Perceived weight gain, risk, and nutrition in pregnancy in five racial groups
Article first published online: 16 JAN 2012
©2011 The Author(s) Journal compilation ©2011 American Academy of Nurse Practitioners
Journal of the American Academy of Nurse Practitioners
Volume 24, Issue 1, pages 32–42, January 2012
How to Cite
Brooten, D., Youngblut, J. M., Golembeski, S., Magnus, M. H. and Hannan, J. (2012), Perceived weight gain, risk, and nutrition in pregnancy in five racial groups. Journal of the American Academy of Nurse Practitioners, 24: 32–42. doi: 10.1111/j.1745-7599.2011.00678.x
- Issue published online: 16 JAN 2012
- Article first published online: 16 JAN 2012
- Received: July 2011;, accepted: August 2011
- Pregnancy risk;
- pregnancy weight gain;
- body size perception;
- nutrition in pregnancy
Objective: Examine perceived pregnancy weight gain needed, perceived risks to mother, and infant of excessive weight and underweight, perceptions of actual, ideal, realistic body size, nutritional intake in five racial/ethnic groups.
Setting: Physicians’ offices
Participants: A total of 54 women <20 weeks gestation
Methods: Questionnaires-perceived weight gain needed, risks of weight gain for mother, infant, perceptions of body size, food frequency.
Results: A total of 39% of women are overweight or obese (57% Caribbean Black, 50% African American). Perceived pregnancy weight gain needed highest in Central American Hispanic women, lowest Caribbean Black women. African-American women had low perceived risk for mother and infant of gaining too much pregnancy weight, highest perceived risk for both of gaining too little. Caribbean Black women perceived highest risk to mother of gaining too much pregnancy weight, highest risk to infant of gaining too little. White Non-Hispanic women reported smaller prepregnant, ideal, realistic body sizes than other four groups. Daily caloric intake ranged from 599 to 5856 calories. African-American women had significantly more calories; protein, total fats, monounsaturated, polyunsaturated, and saturated fats; carbohydrates, sugar; and iron than White Non-Hispanic women. Women in each racial/ethnic group had less than recommended intake of protein, carbohydrates, calcium, iron, folate, and fiber.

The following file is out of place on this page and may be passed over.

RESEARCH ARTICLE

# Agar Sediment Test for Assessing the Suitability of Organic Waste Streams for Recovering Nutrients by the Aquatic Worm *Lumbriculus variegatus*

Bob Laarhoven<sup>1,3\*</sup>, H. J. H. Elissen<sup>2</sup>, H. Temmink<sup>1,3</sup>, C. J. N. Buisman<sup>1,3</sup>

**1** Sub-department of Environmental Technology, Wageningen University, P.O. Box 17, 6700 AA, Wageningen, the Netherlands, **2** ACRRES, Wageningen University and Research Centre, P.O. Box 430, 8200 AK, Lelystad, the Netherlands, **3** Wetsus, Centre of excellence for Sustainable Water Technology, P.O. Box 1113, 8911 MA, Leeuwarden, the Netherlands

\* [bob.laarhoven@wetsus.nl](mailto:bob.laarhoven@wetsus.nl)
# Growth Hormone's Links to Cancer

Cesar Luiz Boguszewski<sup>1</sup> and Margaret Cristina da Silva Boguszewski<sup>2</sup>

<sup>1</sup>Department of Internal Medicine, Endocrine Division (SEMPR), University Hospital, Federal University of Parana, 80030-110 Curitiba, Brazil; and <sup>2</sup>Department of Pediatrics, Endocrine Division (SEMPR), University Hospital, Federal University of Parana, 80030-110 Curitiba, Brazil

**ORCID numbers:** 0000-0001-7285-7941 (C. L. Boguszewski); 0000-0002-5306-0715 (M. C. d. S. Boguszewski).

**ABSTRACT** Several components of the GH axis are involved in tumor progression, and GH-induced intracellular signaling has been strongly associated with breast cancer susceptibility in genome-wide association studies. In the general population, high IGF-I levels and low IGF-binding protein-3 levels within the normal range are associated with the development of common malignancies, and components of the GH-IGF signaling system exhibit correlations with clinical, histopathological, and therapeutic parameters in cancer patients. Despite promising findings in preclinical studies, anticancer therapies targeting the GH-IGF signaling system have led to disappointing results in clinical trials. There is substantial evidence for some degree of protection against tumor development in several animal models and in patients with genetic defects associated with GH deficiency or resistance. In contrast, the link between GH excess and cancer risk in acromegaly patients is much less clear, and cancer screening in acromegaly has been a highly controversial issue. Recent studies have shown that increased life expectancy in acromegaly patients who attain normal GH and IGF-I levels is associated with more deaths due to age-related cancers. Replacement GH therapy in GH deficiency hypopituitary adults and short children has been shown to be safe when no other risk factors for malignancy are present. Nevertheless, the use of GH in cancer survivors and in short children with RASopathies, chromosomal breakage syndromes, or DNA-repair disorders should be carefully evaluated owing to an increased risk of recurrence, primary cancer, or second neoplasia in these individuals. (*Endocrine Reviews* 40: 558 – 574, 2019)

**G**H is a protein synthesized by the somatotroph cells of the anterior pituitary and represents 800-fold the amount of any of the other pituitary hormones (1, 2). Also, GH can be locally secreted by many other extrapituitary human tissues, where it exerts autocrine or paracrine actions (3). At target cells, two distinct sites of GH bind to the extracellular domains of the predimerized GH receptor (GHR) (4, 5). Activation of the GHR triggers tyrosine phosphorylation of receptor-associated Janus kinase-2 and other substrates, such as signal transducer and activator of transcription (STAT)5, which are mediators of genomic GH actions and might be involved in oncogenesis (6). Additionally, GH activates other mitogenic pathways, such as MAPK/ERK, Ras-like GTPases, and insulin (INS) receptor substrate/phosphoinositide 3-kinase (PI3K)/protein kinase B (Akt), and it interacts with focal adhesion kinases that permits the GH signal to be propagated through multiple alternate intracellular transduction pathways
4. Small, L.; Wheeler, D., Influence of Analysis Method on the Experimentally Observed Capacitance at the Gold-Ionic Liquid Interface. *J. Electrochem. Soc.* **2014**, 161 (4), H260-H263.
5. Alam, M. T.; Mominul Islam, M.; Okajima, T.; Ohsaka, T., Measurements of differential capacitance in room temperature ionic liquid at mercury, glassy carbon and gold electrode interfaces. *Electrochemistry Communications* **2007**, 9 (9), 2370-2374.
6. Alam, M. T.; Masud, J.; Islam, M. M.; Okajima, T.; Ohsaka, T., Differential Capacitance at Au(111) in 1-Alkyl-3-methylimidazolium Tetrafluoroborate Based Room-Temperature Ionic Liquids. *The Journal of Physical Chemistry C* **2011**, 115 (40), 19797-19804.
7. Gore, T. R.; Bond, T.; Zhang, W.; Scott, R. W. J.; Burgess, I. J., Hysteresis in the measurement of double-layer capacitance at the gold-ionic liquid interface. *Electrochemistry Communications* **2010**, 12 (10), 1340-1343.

Conclusions: Education is needed to raise awareness of risks of prepregnancy weight and excessive weight gain for mother and infant. The need for prenatal nutritional counseling to reduce the intake of calories, fats, sweets, and snacks; increase intake of vegetables, fruits, foods with iron, folate, and fiber.